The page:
Kamakura-era armour

The Kamakura Period (1185-1333) began when the Minamoto clan defeated the Taira clan at the Battle of Dannoura (Shimonoseki) in 1185. Some mark beginning of the period when Yorimoto Minamoto became Japan’s first shogun in 1192. The Kamakura Period was an era in which bushido (the way of the samurai) was conceived and developed and the Imperial family was kept out of sight in Kyoto while shoguns ruled through puppet emperors. With the demise of the Chinese-style bureaucratic state a feudal system was conceived that took its place.

The Yorimoto shogunate considered the pursuit of the arts by the Imperial family and Heian Period nobility to be wasteful and decadent. It encouraged austerity and the pursuit of the martial arts and used its strength to bring landlords under their control and restore control over Japan. According to the Metropolitan Museum of Art: “The Kamakura period was marked by a gradual shift in power from the nobility to landowning military men in the provinces. This era was a time of dramatic transformation in the politics, society, and culture of Japan. The bakufu, or government by warrior chieftains (shogun) or their regents, controlled the country from their base in Kamakura, near modern Tokyo. Because the emperor remained the titular head of state in his capital in Kyoto, a binary system of government, whereby emperors reigned but shoguns ruled, was established and endured for the next seven centuries. [Source: Metropolitan Museum of Art, Department of Asian Art. "Kamakura and Nanbokucho Periods (1185–1392)". Heilbrunn Timeline of Art History, 2000, metmuseum.org \^/]

The Kamakura period marks the transition to the Japanese "medieval" era, a nearly 700-year period in which the emperor, the court, and the traditional central government were left intact but were largely relegated to ceremonial functions. Civil, military, and judicial matters were controlled by the bushi class, the most powerful of whom was the de facto national ruler. The term feudalism is generally used to describe this period, being accepted by scholars as applicable to medieval Japan as well as to medieval Europe. Both had land-based economies, vestiges of a previously centralized state, and a concentration of advanced military technologies in the hands of a specialized fighting class. Lords required the loyal services of vassals, who were rewarded with fiefs of their own. The fief holders exercised local military rule and public power related to the holding of land. This period in Japan differed from the old shoen system in its pervasive military emphasis. [Source: Library of Congress *]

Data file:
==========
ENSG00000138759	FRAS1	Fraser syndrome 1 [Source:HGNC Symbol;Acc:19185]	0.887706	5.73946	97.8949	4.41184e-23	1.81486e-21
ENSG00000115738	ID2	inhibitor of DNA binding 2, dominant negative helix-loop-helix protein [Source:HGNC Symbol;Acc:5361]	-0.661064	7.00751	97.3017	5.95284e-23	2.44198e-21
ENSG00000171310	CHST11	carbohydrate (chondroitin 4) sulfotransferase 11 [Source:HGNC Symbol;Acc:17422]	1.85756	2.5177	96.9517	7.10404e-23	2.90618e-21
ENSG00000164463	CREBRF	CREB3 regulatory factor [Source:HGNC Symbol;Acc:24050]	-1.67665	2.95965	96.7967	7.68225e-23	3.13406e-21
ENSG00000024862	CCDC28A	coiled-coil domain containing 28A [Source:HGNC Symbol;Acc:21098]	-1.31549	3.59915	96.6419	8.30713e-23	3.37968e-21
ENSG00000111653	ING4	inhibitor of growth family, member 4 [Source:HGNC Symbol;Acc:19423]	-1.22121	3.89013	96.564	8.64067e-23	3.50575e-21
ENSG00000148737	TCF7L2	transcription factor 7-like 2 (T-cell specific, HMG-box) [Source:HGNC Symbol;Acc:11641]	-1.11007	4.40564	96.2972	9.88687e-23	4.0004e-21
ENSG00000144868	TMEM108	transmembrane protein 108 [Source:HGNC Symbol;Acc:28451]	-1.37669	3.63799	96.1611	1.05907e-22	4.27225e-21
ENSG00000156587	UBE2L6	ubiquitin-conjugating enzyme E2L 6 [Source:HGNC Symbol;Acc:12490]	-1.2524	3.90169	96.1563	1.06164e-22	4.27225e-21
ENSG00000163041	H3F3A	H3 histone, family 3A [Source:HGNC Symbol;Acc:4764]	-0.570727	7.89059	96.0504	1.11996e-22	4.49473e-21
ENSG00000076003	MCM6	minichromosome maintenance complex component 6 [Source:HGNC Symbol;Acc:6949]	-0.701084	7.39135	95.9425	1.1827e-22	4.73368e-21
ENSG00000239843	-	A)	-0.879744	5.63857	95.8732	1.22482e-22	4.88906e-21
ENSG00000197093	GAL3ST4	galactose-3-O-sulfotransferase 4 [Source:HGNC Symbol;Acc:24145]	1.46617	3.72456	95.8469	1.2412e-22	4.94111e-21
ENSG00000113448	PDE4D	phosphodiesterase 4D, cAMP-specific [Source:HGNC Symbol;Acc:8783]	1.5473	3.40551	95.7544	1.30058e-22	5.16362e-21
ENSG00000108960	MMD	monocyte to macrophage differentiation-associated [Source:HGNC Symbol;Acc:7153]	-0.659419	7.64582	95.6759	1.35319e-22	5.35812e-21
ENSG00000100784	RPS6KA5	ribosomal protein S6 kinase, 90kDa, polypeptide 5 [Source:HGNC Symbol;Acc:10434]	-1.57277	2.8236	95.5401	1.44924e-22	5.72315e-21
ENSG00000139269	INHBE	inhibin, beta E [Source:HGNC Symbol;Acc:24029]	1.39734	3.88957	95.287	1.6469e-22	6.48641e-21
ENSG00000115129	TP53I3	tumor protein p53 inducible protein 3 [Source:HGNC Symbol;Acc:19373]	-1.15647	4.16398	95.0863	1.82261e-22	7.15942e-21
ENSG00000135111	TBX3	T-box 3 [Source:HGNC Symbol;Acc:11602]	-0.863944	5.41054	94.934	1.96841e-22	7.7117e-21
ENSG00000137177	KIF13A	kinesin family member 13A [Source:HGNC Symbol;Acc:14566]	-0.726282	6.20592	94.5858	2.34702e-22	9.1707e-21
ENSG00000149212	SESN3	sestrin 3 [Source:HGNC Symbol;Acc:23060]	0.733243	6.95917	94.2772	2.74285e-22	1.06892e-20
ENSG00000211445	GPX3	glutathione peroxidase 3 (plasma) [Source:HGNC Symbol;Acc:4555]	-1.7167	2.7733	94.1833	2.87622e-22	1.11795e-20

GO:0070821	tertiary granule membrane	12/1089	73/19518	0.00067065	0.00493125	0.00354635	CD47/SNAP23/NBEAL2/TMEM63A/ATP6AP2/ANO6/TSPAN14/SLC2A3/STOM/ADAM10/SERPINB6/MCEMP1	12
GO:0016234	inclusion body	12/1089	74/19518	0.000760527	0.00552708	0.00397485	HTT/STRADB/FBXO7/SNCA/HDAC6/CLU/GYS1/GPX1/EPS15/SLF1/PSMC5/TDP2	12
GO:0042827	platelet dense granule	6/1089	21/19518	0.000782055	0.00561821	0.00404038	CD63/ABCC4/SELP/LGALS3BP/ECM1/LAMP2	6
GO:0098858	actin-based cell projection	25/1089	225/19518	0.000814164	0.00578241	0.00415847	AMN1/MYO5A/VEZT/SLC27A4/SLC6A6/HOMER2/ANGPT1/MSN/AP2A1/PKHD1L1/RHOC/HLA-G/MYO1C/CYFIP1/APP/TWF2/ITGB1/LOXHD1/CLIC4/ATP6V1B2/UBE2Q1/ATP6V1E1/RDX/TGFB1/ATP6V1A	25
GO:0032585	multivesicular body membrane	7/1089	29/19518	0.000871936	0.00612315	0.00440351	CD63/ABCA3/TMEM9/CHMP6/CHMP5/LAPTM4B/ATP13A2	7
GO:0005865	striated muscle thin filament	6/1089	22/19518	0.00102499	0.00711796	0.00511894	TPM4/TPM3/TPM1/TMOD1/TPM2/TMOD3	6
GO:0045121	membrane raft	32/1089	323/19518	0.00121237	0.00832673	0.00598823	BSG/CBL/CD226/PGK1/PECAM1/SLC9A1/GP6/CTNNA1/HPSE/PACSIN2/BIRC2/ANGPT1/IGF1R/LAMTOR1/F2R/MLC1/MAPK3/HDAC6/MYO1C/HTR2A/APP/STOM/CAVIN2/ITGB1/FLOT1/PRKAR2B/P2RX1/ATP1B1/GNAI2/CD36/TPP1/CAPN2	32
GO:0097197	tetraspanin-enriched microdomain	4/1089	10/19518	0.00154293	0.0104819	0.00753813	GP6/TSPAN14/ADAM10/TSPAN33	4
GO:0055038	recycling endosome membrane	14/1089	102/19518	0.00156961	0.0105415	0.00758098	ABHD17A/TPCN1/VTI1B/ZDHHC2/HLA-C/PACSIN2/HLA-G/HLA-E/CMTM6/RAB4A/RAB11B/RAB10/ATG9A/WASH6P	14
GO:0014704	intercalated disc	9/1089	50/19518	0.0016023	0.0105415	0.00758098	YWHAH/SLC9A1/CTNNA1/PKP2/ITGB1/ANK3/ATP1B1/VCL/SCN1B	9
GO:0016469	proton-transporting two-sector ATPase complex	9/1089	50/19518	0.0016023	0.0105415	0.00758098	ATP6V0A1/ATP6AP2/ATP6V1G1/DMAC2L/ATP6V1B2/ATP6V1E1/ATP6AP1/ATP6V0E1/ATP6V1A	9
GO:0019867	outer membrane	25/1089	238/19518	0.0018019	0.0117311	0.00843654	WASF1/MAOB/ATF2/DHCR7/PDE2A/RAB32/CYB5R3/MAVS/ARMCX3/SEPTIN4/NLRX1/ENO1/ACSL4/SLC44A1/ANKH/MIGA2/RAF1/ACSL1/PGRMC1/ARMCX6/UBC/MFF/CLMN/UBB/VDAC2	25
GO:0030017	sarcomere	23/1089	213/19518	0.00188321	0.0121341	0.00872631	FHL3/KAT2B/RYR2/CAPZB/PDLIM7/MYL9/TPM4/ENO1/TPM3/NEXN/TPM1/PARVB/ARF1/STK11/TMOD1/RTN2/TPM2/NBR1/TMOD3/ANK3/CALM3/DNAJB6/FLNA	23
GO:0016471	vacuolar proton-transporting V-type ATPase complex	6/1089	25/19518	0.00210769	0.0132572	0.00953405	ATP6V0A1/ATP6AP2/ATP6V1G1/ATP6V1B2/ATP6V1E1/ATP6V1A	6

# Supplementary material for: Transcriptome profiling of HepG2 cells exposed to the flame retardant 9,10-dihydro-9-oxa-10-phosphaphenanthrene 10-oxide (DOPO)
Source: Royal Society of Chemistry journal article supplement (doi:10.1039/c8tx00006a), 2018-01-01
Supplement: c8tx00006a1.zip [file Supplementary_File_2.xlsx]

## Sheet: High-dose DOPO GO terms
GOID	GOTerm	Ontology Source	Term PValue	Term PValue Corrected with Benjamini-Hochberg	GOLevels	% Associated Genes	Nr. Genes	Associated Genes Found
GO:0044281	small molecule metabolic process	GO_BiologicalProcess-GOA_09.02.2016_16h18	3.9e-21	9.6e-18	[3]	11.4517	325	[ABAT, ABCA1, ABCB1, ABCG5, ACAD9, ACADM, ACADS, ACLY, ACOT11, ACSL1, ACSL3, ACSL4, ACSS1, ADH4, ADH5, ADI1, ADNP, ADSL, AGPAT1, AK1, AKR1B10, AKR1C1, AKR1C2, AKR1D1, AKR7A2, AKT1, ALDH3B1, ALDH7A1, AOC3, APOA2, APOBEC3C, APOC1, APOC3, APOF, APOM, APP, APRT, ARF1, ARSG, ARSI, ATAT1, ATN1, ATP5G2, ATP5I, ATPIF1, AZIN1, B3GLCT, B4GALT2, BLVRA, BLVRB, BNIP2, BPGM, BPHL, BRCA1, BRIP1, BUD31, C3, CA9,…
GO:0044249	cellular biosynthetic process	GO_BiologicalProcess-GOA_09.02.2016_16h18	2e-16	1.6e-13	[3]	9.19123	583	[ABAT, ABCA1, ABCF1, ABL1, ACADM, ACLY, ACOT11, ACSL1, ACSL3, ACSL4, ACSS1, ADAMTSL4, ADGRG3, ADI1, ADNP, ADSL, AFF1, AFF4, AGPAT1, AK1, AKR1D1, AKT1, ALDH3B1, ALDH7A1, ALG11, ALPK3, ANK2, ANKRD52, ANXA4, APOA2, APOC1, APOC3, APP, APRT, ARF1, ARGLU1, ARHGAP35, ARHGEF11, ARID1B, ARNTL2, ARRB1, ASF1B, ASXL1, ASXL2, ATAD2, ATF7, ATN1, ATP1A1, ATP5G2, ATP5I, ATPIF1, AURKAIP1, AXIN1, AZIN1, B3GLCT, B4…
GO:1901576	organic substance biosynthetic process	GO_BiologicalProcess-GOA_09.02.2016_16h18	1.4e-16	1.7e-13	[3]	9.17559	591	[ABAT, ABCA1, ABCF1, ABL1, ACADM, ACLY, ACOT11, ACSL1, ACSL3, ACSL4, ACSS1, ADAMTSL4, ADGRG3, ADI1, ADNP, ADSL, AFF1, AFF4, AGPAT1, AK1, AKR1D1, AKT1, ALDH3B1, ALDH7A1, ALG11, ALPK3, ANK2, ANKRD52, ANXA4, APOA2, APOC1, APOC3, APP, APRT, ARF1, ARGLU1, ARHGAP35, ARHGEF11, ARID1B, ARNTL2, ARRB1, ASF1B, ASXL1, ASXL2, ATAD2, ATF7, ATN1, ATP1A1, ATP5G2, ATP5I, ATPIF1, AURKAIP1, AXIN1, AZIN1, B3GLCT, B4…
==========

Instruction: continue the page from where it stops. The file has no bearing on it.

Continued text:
See Separate Article on the subject: MONGOL INVASION OF JAPAN

Websites and Resources

Kamakura-era Aizen mandala

Good Websites and Sources: Essay on Kamakura and Muromachi Periods aboutjapan.japansociety.org ; Wikipedia article on the Kamakura Period Wikipedia ; Samurai Archives article on Minamoto Yoritomo samurai-archives.com ; Wikipedia article on Muromachi Period Wikipedia ; Tale of Heike site meijigakuin.ac.jp ; Kamakura City Websites: Kamakura Today kamakuratoday.com ; Wikipedia Wikipedia ; Kamakura Today kamakuratoday.com ; Good Photos at Japan-Photo Archive japan-photo.de

Good Websites and Sources on the Samurai Era in Japan: Good Photos at Japan-Photo Archive japan-photo.de ; Samurai Archives samurai-archives.com ; Artelino Article on Samurai artelino.com ; Wikipedia article om Samurai Wikipedia Sengoku Daimyo sengokudaimyo.co ; List of Shoguns and Emperors of Japan friesian.com ; Samurai Women on About.com asianhistory.about.com ; Classical Martial Arts koryu.com ; Delphi Forums, Good Discussion Group on Japanese History forums.delphiforums.com/samuraihistory. Books: A good book on samurai culture is Miyamoto Murashi (1935), a novel by about a legendary swordsman by Eiji Yoshikawa. The film Last Samurai was based on Bushido-The Soul of Japan, written by Inazo Nitobe in 1899. The Lone Samurai by William Scott Wilson and Shogun by James Clavell are good reads. Vagabond is a popular 27-volume manga based on Miyamoto Musashi by the famous mangaka Takehiro Inoue. You can help this site a little by ordering your Amazon books through this link: Amazon.com. Films: Seven Samurai and Throne of Blood by Akira Kurosawa; The Last Samurai with Tom Cruise; Twilight of a Samurai, nominated for an Academy Award in 2004. Samurai scholar: Karl Friday at the University of Georgia.

Samurai Armor, Weapons, Swords and Castles Samurai Arms and Armor artsofthesamurai.com ; Armor from Clan Yama Kaminari yamakaminari.com ; Putting on Armor chiba-muse.or.jp ; Castles of Japan pages.ca.inter.net ; Enthusiasts for Visiting Japanese Castles (good photos but a lot of text in Japanese shirofan.com ; Good Photos of Thousand Warrior Procession at Japan-Photo Archive japan-photo.de ; Seppuku Wikipedia article on Seppuku Wikipedia ; Seppuku---A Practical Guide kyushu.com/gleaner ; Tale of 47 Loyal Samurai High School Student Project eonet.ne.jp/~chushingura and Columbia University site columbia.edu/~hds2/chushinguranew Sengakuji Temple is a modest temple dedicated to the 47 samurai who committed ritual suicide in 1702. Website: Japan Guide japan-guide.com ; Ninjas: Books: Secrets of the Ninja by Hiromitsu Kuroi (DH Publishing, 2003) and Ninja Attack! by Matt Alt and Hiroko Yoda. Good Websites and Sources: Iga-ryu Ninja Museum site iganinja.jp ; Wikipedia article on Ninjas Wikipedia ; About.com on Ninjas asianhistory.about.com ; Ninjas and Film illuminatedlantern.com